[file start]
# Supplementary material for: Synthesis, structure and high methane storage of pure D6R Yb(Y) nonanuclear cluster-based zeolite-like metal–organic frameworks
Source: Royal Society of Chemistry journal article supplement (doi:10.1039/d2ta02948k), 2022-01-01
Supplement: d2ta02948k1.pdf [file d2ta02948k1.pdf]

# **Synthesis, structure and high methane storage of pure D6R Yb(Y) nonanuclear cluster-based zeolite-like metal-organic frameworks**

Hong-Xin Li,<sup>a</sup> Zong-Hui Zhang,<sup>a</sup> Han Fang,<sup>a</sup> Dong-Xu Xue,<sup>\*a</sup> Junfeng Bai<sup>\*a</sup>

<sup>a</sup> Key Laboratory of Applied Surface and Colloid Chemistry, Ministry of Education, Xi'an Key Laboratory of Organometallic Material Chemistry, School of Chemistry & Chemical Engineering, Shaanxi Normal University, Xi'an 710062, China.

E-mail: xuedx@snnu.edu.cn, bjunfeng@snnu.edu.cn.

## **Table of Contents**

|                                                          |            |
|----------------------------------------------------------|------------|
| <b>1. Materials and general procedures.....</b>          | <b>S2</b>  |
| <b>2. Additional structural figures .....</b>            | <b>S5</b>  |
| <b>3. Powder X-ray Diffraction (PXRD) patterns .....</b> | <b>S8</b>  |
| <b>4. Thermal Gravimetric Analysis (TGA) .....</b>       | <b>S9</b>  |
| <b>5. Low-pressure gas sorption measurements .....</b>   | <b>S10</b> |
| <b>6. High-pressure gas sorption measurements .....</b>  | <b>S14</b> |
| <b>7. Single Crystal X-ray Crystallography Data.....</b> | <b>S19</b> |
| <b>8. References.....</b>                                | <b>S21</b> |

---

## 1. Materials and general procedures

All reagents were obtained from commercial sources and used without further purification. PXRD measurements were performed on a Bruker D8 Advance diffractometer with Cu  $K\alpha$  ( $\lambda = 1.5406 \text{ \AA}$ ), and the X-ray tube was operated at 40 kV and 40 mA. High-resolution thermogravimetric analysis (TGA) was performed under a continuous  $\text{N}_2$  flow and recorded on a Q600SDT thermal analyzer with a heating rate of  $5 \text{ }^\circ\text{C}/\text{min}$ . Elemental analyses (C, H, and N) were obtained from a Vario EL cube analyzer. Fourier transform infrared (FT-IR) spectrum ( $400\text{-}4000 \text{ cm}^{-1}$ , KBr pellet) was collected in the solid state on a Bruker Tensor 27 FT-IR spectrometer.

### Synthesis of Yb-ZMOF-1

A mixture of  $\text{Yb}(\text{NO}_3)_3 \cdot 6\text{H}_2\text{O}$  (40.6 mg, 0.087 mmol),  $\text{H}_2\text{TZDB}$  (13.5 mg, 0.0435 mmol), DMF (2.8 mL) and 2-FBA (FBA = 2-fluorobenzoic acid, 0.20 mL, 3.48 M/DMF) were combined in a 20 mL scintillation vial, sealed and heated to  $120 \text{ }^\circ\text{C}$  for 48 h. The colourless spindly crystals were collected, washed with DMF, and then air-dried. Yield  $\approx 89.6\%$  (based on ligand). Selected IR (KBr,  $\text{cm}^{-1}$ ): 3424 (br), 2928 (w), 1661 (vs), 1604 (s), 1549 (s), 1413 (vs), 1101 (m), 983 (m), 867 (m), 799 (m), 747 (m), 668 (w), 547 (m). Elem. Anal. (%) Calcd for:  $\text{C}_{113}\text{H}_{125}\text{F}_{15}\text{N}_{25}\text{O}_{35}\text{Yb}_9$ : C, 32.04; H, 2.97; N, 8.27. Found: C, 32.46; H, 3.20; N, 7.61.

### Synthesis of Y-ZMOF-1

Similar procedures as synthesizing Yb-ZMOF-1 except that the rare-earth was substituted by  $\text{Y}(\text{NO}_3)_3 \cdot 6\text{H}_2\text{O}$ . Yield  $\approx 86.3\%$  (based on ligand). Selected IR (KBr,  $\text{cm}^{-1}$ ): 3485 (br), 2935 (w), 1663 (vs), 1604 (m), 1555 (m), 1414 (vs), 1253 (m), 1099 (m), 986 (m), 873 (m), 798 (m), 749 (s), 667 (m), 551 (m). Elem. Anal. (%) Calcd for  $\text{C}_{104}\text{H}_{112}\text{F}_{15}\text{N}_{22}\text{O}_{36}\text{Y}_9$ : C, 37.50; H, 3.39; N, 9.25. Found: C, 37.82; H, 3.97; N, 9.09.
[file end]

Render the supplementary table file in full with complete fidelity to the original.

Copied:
# Supplementary material for: Synthesis, structure and high methane storage of pure D6R Yb(Y) nonanuclear cluster-based zeolite-like metal–organic frameworks
Source: Royal Society of Chemistry journal article supplement (doi:10.1039/d2ta02948k), 2022-01-01
Supplement: d2ta02948k1.pdf [file d2ta02948k1.pdf]

# **Synthesis, structure and high methane storage of pure D6R Yb(Y) nonanuclear cluster-based zeolite-like metal-organic frameworks**

Hong-Xin Li,<sup>a</sup> Zong-Hui Zhang,<sup>a</sup> Han Fang,<sup>a</sup> Dong-Xu Xue,<sup>\*a</sup> Junfeng Bai<sup>\*a</sup>

<sup>a</sup> Key Laboratory of Applied Surface and Colloid Chemistry, Ministry of Education, Xi'an Key Laboratory of Organometallic Material Chemistry, School of Chemistry & Chemical Engineering, Shaanxi Normal University, Xi'an 710062, China.

E-mail: xuedx@snnu.edu.cn, bjunfeng@snnu.edu.cn.

## **Table of Contents**

|                                                          |            |
|----------------------------------------------------------|------------|
| <b>1. Materials and general procedures.....</b>          | <b>S2</b>  |
| <b>2. Additional structural figures .....</b>            | <b>S5</b>  |
| <b>3. Powder X-ray Diffraction (PXRD) patterns .....</b> | <b>S8</b>  |
| <b>4. Thermal Gravimetric Analysis (TGA) .....</b>       | <b>S9</b>  |
| <b>5. Low-pressure gas sorption measurements .....</b>   | <b>S10</b> |
| <b>6. High-pressure gas sorption measurements .....</b>  | <b>S14</b> |
| <b>7. Single Crystal X-ray Crystallography Data.....</b> | <b>S19</b> |
| <b>8. References.....</b>                                | <b>S21</b> |

---

## 1. Materials and general procedures

All reagents were obtained from commercial sources and used without further purification. PXRD measurements were performed on a Bruker D8 Advance diffractometer with Cu  $K\alpha$  ( $\lambda = 1.5406 \text{ \AA}$ ), and the X-ray tube was operated at 40 kV and 40 mA. High-resolution thermogravimetric analysis (TGA) was performed under a continuous  $\text{N}_2$  flow and recorded on a Q600SDT thermal analyzer with a heating rate of  $5 \text{ }^\circ\text{C}/\text{min}$ . Elemental analyses (C, H, and N) were obtained from a Vario EL cube analyzer. Fourier transform infrared (FT-IR) spectrum ( $400\text{-}4000 \text{ cm}^{-1}$ , KBr pellet) was collected in the solid state on a Bruker Tensor 27 FT-IR spectrometer.

### Synthesis of Yb-ZMOF-1

A mixture of  $\text{Yb}(\text{NO}_3)_3 \cdot 6\text{H}_2\text{O}$  (40.6 mg, 0.087 mmol),  $\text{H}_2\text{TZDB}$  (13.5 mg, 0.0435 mmol), DMF (2.8 mL) and 2-FBA (FBA = 2-fluorobenzoic acid, 0.20 mL, 3.48 M/DMF) were combined in a 20 mL scintillation vial, sealed and heated to  $120 \text{ }^\circ\text{C}$  for 48 h. The colourless spindly crystals were collected, washed with DMF, and then air-dried. Yield  $\approx 89.6\%$  (based on ligand). Selected IR (KBr,  $\text{cm}^{-1}$ ): 3424 (br), 2928 (w), 1661 (vs), 1604 (s), 1549 (s), 1413 (vs), 1101 (m), 983 (m), 867 (m), 799 (m), 747 (m), 668 (w), 547 (m). Elem. Anal. (%) Calcd for:  $\text{C}_{113}\text{H}_{125}\text{F}_{15}\text{N}_{25}\text{O}_{35}\text{Yb}_9$ : C, 32.04; H, 2.97; N, 8.27. Found: C, 32.46; H, 3.20; N, 7.61.

### Synthesis of Y-ZMOF-1

Similar procedures as synthesizing Yb-ZMOF-1 except that the rare-earth was substituted by  $\text{Y}(\text{NO}_3)_3 \cdot 6\text{H}_2\text{O}$ . Yield  $\approx 86.3\%$  (based on ligand). Selected IR (KBr,  $\text{cm}^{-1}$ ): 3485 (br), 2935 (w), 1663 (vs), 1604 (m), 1555 (m), 1414 (vs), 1253 (m), 1099 (m), 986 (m), 873 (m), 798 (m), 749 (s), 667 (m), 551 (m). Elem. Anal. (%) Calcd for  $\text{C}_{104}\text{H}_{112}\text{F}_{15}\text{N}_{22}\text{O}_{36}\text{Y}_9$ : C, 37.50; H, 3.39; N, 9.25. Found: C, 37.82; H, 3.97; N, 9.09.